Napoleon Hartsfield, Plaintiff-appellant, v. Pete Vidor, Deputy, Sued in His Individual and Official Capacity, et al.,defendants-appellees, 199 F.3d 305 (6th Cir. 1999)Annotate this Case
Submitted: August 12, 1999Decided and Filed: December 3, 1999
COUNSEL ON BRIEF: Deborah R. Garcia-Luna, OFFICE OF THE ATTORNEY GENERAL, Lansing, Michigan, for Appellee.
Napoleon Hartsfield, Davenport, Iowa, pro se.
Appeal from the United States District Court for the Western District of Michigan at Grand Rapids, No. 96-00580--Richard A. Enslen, Chief District Judge.
Before: MERRITT, KENNEDY, and DAUGHTREY, Circuit Judges.
MERRITT, Circuit Judge.
Pro se plaintiff, Napoleon Hartsfield, is an inmate at Ionia corrections facility in Michigan. On May 2 and 3, 1996, Plaintiff was placed on top-of-bed restraints for eighteen hours after he damaged his cell. He alleges that he was not allowed to eat, have fresh water or access to the toilet during that time. On July 19, 1996, plaintiff brought an action pursuant to 42 U.S.C. § 1983 alleging (1) that defendants Vidor and Mowatt violated his due process rights under the Fourteenth Amendment when they placed him in top-of-bed restraints without a hearing; (2) that defendants Vidor and Mowatt violated the Equal Protection Clause of the Fourteenth Amendment because they intentionally discriminated against him by putting him in hard restraints while a white inmate whohad damaged his cell was placed in soft restraints and (3) that the actions of all five defendants in denying him access to the toilet and fresh water for eighteen hours constitutes cruel and unusual punishment in violation of the Eighth Amendment. Plaintiff also brought state claims of assault and battery, intentional infliction of emotional distress and negligence. Plaintiff moved to amend his complaint on September 9, 1996, to add two defendants and then filed a motion to "supplement" his complaint on October 28, 1996, to add an additional defendant and more claims.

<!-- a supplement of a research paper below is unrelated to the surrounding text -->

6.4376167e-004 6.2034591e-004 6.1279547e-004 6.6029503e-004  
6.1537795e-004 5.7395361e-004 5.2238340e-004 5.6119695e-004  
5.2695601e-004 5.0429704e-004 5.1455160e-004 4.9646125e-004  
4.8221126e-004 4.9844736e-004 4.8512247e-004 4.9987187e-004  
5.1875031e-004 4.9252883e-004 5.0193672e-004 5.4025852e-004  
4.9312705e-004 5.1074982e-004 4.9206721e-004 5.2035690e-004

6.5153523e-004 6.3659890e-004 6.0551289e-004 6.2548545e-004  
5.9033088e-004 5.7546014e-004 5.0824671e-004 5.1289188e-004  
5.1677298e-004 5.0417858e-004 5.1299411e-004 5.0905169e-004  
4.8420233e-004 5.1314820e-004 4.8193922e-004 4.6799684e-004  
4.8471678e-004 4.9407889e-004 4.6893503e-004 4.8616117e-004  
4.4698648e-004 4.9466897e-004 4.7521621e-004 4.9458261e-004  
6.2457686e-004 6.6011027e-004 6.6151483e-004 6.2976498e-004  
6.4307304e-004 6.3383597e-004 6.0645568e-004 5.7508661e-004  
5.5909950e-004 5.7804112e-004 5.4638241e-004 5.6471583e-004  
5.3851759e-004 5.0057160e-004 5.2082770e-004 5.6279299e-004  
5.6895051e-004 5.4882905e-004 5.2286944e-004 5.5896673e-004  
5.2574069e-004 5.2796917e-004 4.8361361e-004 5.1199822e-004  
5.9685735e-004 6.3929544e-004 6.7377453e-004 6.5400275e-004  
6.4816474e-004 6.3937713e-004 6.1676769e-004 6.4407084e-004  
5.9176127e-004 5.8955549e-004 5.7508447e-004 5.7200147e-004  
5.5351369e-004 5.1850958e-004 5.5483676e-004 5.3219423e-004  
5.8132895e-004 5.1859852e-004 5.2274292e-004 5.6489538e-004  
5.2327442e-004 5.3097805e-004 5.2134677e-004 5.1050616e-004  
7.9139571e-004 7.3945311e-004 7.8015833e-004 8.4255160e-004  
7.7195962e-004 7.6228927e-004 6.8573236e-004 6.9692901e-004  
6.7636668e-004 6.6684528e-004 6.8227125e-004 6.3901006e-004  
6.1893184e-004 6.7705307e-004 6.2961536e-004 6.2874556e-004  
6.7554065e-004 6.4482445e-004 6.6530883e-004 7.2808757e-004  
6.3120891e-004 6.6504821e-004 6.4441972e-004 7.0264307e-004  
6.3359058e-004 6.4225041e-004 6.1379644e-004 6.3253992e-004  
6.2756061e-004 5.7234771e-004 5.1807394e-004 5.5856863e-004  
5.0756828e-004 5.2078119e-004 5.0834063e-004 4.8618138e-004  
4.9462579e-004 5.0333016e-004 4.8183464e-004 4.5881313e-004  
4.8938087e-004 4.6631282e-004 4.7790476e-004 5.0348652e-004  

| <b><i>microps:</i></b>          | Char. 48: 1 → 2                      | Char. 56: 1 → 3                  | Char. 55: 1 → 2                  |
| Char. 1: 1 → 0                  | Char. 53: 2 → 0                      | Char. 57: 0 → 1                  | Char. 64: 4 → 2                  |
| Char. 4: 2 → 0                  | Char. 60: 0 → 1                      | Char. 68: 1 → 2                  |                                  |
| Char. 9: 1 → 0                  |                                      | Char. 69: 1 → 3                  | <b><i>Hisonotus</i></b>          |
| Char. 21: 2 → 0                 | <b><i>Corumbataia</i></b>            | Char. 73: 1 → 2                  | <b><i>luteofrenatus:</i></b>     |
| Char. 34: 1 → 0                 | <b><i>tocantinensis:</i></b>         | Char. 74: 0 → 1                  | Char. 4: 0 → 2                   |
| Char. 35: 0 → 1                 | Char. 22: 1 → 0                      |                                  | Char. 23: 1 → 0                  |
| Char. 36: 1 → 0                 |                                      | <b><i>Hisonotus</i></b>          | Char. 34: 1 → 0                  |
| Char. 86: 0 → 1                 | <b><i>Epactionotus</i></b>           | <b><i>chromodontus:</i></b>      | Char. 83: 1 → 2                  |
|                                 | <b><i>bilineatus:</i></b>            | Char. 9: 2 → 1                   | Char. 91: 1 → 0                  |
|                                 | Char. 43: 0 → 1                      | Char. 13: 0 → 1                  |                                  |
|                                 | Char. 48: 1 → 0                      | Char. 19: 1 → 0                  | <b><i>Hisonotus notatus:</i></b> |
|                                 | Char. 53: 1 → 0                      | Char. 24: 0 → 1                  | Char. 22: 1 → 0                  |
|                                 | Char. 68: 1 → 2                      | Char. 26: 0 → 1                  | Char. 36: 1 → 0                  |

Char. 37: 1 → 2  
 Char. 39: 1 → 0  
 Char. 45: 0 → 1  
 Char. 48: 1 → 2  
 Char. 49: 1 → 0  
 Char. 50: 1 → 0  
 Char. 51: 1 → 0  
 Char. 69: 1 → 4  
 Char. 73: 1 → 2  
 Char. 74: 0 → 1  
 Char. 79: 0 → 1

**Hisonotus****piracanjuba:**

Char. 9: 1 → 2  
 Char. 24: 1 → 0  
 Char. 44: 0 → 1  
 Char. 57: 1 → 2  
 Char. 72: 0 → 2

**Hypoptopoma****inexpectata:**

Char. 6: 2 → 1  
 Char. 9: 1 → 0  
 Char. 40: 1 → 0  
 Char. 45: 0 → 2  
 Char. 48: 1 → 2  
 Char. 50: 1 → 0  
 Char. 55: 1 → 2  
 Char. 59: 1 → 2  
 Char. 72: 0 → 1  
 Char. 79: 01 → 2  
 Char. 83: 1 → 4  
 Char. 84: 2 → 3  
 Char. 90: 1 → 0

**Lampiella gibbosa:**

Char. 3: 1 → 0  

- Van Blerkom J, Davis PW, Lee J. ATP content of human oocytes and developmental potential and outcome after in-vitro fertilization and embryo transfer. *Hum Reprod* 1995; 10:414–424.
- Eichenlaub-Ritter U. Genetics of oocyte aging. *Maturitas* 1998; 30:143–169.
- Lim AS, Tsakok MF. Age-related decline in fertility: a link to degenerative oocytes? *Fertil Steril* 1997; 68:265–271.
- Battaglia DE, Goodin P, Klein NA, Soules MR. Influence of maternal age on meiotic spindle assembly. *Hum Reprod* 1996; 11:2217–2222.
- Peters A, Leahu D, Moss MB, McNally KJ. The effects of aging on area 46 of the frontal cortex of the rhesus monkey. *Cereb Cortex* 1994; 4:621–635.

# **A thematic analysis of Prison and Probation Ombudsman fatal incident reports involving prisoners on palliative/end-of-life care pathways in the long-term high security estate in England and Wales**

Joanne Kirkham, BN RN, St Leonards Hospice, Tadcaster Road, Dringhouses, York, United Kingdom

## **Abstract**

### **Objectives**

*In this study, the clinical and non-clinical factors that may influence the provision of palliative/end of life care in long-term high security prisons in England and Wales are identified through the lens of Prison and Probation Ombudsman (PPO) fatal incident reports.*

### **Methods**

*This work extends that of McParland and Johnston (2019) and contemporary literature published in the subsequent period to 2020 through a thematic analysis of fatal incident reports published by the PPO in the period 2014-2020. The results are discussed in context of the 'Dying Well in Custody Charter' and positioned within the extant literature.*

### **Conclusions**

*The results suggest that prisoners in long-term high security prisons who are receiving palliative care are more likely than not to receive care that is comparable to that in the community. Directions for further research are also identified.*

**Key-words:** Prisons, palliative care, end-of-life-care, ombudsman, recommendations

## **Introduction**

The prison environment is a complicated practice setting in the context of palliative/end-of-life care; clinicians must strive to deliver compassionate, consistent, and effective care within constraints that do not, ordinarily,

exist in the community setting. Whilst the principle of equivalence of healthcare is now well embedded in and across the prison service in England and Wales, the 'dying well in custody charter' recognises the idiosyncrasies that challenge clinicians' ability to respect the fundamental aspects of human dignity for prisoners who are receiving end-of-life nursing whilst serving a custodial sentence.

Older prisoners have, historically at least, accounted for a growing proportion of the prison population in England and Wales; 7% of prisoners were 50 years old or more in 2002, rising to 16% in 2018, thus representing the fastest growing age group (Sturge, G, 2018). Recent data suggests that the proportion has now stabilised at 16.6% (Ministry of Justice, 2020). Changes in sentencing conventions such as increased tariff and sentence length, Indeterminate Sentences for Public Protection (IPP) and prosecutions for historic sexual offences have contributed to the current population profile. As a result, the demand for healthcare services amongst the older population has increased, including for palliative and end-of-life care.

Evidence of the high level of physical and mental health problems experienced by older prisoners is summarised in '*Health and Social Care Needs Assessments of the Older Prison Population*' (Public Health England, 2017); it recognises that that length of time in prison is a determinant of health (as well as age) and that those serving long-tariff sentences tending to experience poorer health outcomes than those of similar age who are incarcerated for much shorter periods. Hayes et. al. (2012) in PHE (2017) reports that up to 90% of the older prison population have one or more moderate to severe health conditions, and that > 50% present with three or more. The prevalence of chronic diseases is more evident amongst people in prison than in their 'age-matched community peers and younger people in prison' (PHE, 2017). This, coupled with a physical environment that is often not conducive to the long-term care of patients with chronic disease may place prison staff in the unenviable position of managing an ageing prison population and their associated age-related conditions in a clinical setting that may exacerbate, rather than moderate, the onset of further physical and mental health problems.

The case was assigned to a magistrate judge, who, in November 1996, ordered the parties to file briefs regarding whether plaintiff exhausted his administrative remedies under the Prison Litigation Reform Act, 42 U.S.C. § 1997e(a), as amended,1 as to the issues raised in the initial complaint, and the motions to amend and supplement the complaint. Order of Nov.16, 1996. The parties submitted briefs on the issue and the government acknowledged that plaintiff had exhausted his administrative remedies as to the Eighth Amendment claim against defendants Crump, Kavanaugh and Breimayer. Plaintiff conceded that he had not exhausted the other claims but raised various reasons as to why he should be excused from doing so. On May 28, 1997, the magistrate judge denied plaintiff's motions to amend and supplement his complaint. The motion to amend the complaint was denied because plaintiff failed to exhaust his administrative remedies as to issues proposed to be added to the complaint. The motion to supplement concerned a First Amendment issue that was denied as futile because plaintiff failed to allege any actual injury, although the magistrate found that plaintiff had exhausted his administrative remedies as to that claim. The denial of these motions was not appealed to this Court and the claims raised in those motions are therefore not before us. We mention the May 28 Order because the magistrate judge curiously did not address whether the claims in the initial complaint were exhausted, despite the fact that he had requested the parties in his November 16, 1996, Order to brief the exhaustion issue as to the claims raised in the initial complaint (which the parties did), and despite the fact that he addressed whether the claims raised in the motions to amend and supplement were exhausted as required by § 1997e(a).